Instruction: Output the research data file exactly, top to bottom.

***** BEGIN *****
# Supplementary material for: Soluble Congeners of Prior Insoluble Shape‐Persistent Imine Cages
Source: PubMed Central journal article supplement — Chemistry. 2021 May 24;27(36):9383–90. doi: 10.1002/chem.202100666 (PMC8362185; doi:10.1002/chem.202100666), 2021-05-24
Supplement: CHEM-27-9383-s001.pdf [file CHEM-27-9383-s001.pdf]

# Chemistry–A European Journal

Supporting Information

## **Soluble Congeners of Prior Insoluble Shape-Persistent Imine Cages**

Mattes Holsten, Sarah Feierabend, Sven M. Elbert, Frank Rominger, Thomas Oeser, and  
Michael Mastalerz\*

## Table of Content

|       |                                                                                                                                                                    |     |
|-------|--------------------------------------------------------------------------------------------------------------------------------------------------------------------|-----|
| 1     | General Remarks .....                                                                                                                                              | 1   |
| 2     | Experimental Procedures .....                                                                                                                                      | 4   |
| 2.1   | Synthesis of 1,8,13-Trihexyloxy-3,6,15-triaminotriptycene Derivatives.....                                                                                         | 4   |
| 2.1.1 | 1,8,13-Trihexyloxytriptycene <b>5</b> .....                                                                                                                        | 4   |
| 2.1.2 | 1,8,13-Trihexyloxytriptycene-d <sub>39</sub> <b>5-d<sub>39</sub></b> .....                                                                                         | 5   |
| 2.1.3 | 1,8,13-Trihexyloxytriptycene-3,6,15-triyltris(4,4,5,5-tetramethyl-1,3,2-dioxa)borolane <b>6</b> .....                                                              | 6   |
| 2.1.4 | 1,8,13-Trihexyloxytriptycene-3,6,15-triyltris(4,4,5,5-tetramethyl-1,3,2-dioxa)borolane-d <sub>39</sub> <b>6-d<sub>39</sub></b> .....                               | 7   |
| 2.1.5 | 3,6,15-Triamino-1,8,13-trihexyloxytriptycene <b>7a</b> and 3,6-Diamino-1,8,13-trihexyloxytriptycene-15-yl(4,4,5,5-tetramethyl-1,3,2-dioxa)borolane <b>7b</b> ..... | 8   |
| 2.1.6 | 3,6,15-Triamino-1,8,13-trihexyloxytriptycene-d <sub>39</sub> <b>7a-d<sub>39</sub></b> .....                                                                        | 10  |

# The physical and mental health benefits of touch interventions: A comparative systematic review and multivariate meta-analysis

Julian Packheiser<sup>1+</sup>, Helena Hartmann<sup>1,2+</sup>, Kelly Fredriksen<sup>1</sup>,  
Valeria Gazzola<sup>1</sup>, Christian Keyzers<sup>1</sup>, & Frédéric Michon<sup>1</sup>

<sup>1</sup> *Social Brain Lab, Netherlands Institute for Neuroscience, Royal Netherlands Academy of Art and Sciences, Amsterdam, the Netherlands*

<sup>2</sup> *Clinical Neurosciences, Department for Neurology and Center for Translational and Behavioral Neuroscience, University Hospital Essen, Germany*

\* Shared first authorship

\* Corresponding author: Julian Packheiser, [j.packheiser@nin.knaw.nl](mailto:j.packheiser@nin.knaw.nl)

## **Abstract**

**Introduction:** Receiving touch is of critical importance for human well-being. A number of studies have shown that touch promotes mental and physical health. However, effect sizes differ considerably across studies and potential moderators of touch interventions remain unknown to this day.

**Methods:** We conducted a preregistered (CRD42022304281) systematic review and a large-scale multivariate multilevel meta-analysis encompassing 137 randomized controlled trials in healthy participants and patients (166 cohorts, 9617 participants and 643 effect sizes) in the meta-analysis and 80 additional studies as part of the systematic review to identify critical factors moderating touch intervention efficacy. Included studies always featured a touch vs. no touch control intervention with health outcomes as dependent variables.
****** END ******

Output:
# Supplementary material for: Soluble Congeners of Prior Insoluble Shape‐Persistent Imine Cages
Source: PubMed Central journal article supplement — Chemistry. 2021 May 24;27(36):9383–90. doi: 10.1002/chem.202100666 (PMC8362185; doi:10.1002/chem.202100666), 2021-05-24
Supplement: CHEM-27-9383-s001.pdf [file CHEM-27-9383-s001.pdf]

# Chemistry–A European Journal

Supporting Information

## **Soluble Congeners of Prior Insoluble Shape-Persistent Imine Cages**

Mattes Holsten, Sarah Feierabend, Sven M. Elbert, Frank Rominger, Thomas Oeser, and  
Michael Mastalerz\*

## Table of Content

|       |                                                                                                                                                                    |     |
|-------|--------------------------------------------------------------------------------------------------------------------------------------------------------------------|-----|
| 1     | General Remarks .....                                                                                                                                              | 1   |
| 2     | Experimental Procedures .....                                                                                                                                      | 4   |
| 2.1   | Synthesis of 1,8,13-Trihexyloxy-3,6,15-triaminotriptycene Derivatives.....                                                                                         | 4   |
| 2.1.1 | 1,8,13-Trihexyloxytriptycene <b>5</b> .....                                                                                                                        | 4   |
| 2.1.2 | 1,8,13-Trihexyloxytriptycene-d <sub>39</sub> <b>5-d<sub>39</sub></b> .....                                                                                         | 5   |
| 2.1.3 | 1,8,13-Trihexyloxytriptycene-3,6,15-triyltris(4,4,5,5-tetramethyl-1,3,2-dioxa)borolane <b>6</b> .....                                                              | 6   |
| 2.1.4 | 1,8,13-Trihexyloxytriptycene-3,6,15-triyltris(4,4,5,5-tetramethyl-1,3,2-dioxa)borolane-d <sub>39</sub> <b>6-d<sub>39</sub></b> .....                               | 7   |
| 2.1.5 | 3,6,15-Triamino-1,8,13-trihexyloxytriptycene <b>7a</b> and 3,6-Diamino-1,8,13-trihexyloxytriptycene-15-yl(4,4,5,5-tetramethyl-1,3,2-dioxa)borolane <b>7b</b> ..... | 8   |
| 2.1.6 | 3,6,15-Triamino-1,8,13-trihexyloxytriptycene-d <sub>39</sub> <b>7a-d<sub>39</sub></b> .....                                                                        | 10  |

# The physical and mental health benefits of touch interventions: A comparative systematic review and multivariate meta-analysis

Julian Packheiser<sup>1+</sup>, Helena Hartmann<sup>1,2+</sup>, Kelly Fredriksen<sup>1</sup>,  
Valeria Gazzola<sup>1</sup>, Christian Keyzers<sup>1</sup>, & Frédéric Michon<sup>1</sup>

<sup>1</sup> *Social Brain Lab, Netherlands Institute for Neuroscience, Royal Netherlands Academy of Art and Sciences, Amsterdam, the Netherlands*

<sup>2</sup> *Clinical Neurosciences, Department for Neurology and Center for Translational and Behavioral Neuroscience, University Hospital Essen, Germany*

\* Shared first authorship

\* Corresponding author: Julian Packheiser, [j.packheiser@nin.knaw.nl](mailto:j.packheiser@nin.knaw.nl)

## **Abstract**

**Introduction:** Receiving touch is of critical importance for human well-being. A number of studies have shown that touch promotes mental and physical health. However, effect sizes differ considerably across studies and potential moderators of touch interventions remain unknown to this day.

**Methods:** We conducted a preregistered (CRD42022304281) systematic review and a large-scale multivariate multilevel meta-analysis encompassing 137 randomized controlled trials in healthy participants and patients (166 cohorts, 9617 participants and 643 effect sizes) in the meta-analysis and 80 additional studies as part of the systematic review to identify critical factors moderating touch intervention efficacy. Included studies always featured a touch vs. no touch control intervention with health outcomes as dependent variables.